This month, Eleanor muses on the recent “skinny repeal” Senate vote, and her thoughts remind all of us, regardless of our politics, to be extremely mindful–even vigilant–in terms of how our health care might be affected by changes to our current system. Thank you, Eleanor!
DO YOU PLAN ON GROWING OLD?
Information about Medicaid and what it provides to so many of our citizens emerged in recent weeks as the revisions to Obamacare or its potential cancellation bubbled to the surface in the Senate. In a July 1st NY Times article by Ron Lieber, I read that: “One in three people who turn 65 end up in a nursing home at some time.” And, “62% of those people cannot pay the bill on their own.”
We cannot predict our own futures. We cannot know whether we will need nursing care over a longer period than we can afford to pay. Even when we have planned for a financially solvent old age, unexpected illnesses and costs may develop. Even long term care insurance may be insufficient. We cannot know how long we will live (my mother, for example, is now 104 years old) nor who will be there to care for us. Family members often live great distances from one another and cannot disrupt their lives to sufficiently care for their elders. This creates a lot of uncertainty, many “unknowns.” We like to think that we will be healthy and self-sufficient until our deaths, but that is often not the case – as we know, as we can see around us.
Medicaid is our safety net. It is the same Medicaid that cares for the young, the poor and sick, and those with disabilities. Medicaid still supports the elderly in nursing homes who need assistance. I read that, on average, the annual cost of a semiprivate room in a nursing home is $82,128. Medicaid also currently pays for home and community based care for older adults. Most people cannot afford the high nursing home costs, especially if their retirement funds have already been reduced by the protracted illness of one of the partners in a marriage, leaving the widowed (usually woman) with insufficient capital for their own care.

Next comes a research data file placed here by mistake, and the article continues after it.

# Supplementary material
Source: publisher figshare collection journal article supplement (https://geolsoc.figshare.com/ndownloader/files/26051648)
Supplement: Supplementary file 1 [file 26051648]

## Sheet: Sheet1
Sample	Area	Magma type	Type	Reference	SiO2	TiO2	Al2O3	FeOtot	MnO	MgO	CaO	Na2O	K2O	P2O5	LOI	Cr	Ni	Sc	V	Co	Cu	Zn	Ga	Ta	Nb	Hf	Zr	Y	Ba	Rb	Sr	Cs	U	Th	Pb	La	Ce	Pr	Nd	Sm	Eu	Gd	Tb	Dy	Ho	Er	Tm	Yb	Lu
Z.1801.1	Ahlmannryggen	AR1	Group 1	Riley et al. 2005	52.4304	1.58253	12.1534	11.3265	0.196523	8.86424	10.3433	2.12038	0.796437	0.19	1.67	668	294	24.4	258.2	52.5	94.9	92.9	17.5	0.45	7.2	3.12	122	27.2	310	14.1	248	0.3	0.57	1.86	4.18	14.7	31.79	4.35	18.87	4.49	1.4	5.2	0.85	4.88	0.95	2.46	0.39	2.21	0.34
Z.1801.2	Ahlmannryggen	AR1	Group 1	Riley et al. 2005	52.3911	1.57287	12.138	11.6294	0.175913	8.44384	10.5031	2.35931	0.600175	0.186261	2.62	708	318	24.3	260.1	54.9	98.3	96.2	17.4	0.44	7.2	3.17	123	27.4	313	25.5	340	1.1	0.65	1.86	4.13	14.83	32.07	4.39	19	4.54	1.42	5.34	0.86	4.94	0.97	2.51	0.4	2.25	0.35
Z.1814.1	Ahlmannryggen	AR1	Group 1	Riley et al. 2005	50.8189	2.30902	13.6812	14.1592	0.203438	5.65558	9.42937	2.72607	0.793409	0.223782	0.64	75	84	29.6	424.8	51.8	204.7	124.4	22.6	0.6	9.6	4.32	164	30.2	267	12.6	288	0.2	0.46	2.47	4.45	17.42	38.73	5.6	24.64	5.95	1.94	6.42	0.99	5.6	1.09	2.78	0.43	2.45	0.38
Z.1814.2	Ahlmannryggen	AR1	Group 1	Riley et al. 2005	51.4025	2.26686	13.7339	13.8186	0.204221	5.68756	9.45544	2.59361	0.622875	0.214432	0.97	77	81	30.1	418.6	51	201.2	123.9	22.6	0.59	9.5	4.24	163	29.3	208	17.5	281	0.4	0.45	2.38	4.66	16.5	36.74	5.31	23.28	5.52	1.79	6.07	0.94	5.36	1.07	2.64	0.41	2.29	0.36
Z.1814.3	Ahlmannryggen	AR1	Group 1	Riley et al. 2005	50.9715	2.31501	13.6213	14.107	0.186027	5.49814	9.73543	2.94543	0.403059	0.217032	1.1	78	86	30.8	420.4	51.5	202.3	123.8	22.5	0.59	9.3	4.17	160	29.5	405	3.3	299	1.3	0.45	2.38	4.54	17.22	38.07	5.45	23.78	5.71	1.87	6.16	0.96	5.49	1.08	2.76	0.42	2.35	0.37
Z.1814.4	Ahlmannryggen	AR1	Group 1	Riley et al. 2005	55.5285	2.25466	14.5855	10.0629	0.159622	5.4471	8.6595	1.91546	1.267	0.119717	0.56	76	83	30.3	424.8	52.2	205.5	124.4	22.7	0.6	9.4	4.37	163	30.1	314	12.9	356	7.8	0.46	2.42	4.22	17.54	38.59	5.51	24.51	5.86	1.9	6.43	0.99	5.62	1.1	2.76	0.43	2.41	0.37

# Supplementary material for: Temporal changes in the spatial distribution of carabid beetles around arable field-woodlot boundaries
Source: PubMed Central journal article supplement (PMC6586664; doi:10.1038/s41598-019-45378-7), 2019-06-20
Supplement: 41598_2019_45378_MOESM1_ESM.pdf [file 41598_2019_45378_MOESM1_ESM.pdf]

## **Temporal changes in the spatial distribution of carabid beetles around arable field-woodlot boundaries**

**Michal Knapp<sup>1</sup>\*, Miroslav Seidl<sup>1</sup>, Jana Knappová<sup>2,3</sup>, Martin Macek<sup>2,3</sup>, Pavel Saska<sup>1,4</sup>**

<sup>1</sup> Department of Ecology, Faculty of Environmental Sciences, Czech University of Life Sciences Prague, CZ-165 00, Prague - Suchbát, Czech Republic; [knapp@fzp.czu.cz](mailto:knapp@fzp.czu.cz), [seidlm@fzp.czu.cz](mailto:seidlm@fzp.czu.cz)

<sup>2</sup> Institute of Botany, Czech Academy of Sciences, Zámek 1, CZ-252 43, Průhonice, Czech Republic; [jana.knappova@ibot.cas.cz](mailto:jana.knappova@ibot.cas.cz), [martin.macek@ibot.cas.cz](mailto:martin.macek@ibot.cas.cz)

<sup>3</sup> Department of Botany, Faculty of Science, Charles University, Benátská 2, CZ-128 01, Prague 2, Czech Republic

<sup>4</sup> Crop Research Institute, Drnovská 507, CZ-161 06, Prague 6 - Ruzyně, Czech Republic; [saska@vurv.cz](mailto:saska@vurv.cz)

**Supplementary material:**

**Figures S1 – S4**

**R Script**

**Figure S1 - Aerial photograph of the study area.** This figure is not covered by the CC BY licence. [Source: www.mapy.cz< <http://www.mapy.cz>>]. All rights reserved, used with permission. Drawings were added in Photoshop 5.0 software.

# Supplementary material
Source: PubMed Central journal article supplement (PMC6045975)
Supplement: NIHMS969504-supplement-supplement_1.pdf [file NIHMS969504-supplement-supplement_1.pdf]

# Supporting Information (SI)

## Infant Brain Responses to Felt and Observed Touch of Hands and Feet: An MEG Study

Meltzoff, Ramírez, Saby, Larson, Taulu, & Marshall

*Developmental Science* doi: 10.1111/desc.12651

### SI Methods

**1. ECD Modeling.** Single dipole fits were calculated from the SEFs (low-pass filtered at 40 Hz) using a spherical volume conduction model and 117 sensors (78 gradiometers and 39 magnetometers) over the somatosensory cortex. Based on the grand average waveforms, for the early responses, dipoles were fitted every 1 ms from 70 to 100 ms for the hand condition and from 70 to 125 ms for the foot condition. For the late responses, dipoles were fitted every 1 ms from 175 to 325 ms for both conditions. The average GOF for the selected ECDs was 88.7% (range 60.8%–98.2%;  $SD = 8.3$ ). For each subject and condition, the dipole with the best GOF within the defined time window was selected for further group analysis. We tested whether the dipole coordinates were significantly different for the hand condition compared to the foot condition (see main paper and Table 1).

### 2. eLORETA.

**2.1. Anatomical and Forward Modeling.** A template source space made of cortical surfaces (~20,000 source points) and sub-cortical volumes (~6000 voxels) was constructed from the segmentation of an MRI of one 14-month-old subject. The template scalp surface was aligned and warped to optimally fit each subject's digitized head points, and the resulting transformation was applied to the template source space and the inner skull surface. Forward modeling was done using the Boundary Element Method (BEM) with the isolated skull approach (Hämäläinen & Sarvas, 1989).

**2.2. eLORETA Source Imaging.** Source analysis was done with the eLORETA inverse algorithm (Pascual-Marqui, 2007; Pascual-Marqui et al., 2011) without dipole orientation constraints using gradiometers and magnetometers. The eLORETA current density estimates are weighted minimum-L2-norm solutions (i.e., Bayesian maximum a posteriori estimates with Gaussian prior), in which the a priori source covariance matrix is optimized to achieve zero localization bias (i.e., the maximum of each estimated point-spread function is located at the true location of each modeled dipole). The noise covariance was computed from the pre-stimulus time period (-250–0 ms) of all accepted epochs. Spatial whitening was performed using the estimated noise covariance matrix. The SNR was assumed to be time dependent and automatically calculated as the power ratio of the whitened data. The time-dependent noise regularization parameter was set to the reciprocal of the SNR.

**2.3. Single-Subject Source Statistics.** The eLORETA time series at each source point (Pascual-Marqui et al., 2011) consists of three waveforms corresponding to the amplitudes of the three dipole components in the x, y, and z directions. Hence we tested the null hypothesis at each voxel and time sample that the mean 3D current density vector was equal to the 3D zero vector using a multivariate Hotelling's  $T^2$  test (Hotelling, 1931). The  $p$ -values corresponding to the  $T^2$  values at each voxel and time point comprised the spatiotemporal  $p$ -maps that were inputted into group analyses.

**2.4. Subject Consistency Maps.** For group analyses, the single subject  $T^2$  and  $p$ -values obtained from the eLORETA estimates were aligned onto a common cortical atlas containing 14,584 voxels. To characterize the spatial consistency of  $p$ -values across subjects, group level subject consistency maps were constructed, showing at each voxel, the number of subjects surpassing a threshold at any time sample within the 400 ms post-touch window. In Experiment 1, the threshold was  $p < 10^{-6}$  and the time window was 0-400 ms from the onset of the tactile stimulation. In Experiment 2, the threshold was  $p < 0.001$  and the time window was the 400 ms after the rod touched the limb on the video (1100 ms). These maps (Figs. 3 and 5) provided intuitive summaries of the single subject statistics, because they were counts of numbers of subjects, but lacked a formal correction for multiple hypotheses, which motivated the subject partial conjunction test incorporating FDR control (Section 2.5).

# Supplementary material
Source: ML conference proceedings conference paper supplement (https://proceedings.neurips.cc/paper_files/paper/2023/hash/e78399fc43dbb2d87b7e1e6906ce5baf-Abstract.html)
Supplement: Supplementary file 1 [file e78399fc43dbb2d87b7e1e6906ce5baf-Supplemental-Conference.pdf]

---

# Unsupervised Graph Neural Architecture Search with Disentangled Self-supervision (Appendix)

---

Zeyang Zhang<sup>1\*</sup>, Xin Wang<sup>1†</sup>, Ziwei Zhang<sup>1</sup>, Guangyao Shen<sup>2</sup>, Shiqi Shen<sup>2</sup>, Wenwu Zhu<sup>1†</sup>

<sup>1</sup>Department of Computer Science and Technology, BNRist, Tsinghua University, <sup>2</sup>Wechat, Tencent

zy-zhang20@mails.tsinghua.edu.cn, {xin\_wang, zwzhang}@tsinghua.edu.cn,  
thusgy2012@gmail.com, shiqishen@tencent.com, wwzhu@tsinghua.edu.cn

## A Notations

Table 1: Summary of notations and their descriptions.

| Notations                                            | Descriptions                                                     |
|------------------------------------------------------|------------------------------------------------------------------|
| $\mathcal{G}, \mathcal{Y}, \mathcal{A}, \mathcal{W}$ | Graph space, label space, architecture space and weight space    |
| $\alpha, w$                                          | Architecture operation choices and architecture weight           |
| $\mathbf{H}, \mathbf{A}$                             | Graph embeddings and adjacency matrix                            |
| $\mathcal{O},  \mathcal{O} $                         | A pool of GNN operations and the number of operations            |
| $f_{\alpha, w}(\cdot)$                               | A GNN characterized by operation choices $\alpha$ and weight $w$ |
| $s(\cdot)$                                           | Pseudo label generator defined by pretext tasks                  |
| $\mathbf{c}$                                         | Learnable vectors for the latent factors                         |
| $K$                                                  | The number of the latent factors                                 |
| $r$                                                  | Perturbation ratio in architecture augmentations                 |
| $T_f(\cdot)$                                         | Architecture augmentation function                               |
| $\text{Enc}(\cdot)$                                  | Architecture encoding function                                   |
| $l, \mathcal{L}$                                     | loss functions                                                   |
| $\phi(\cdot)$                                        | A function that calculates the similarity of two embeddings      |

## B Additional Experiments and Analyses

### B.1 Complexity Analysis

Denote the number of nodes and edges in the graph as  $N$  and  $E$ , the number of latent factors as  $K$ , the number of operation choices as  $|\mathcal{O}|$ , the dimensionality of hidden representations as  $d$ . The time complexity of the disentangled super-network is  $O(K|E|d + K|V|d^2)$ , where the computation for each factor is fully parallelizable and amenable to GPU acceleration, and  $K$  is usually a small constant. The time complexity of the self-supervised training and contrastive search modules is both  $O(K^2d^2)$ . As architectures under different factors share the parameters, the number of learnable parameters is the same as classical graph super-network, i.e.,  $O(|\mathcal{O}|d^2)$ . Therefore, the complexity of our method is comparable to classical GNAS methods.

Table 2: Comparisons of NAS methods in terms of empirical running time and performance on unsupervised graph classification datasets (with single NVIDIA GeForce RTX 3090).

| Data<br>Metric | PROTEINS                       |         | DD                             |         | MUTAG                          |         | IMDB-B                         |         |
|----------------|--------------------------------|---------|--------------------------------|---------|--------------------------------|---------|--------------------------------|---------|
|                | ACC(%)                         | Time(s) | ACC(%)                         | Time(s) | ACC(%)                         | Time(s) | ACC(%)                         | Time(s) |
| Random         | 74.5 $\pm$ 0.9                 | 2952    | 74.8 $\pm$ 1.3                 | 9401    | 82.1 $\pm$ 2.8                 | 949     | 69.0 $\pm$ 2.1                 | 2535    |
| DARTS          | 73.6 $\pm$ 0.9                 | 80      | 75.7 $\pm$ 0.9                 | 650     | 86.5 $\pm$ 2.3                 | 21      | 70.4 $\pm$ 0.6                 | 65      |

This fact (and the multitude of safeguards provided by The Affordable Care Act for most of us in the U.S.) is why we all probably breathed a great sign of relief when the Republican Senate plan to wipe it off the books was defeated. People all over the country had rallied to support the admittedly imperfect Obamacare, but most Republican Senators turned deaf ears to their activist constituents. Only three: Lisa Murkowski of Alaska, Susan Collins of Maine, and John McCain were able to hold the line against the attackers. Good thing for us! Great thing for us — to date!
I learned that each state has its own requirements to determine qualifications for Medicaid. Lieber recommends a “plain-spoken guide,” How to Protect Your Family’s Assets from Devastating Nursing Home Costs. He also writes that many people hire elder-law attorneys to help them navigate state Medicaid rules.
The proposed Republican changes to health care legislation that would have affected us directly as we age and possibly become infirm are real and very, very significant. This recently defeated plan to eradicate Obamacare would have directly affected all of us seniors, some in devastating ways. We need to stay alert to possible/probable further actions which could significantly alter health care benefits. We all need to be vigilant. We need protect our self interests by advocating for universal health care in whatever forms appeals to us–but certainly not by eliminating it. Become an advocate! Your health care–and mine–may depend on it.
As I grow older, I am more interested in the conditions, changes, services, culture, and even politics affecting me, my husband of over 50 years, my friends — and my 104 year old mother. What does it mean to be growing older in today’s society? Please share your thoughts below!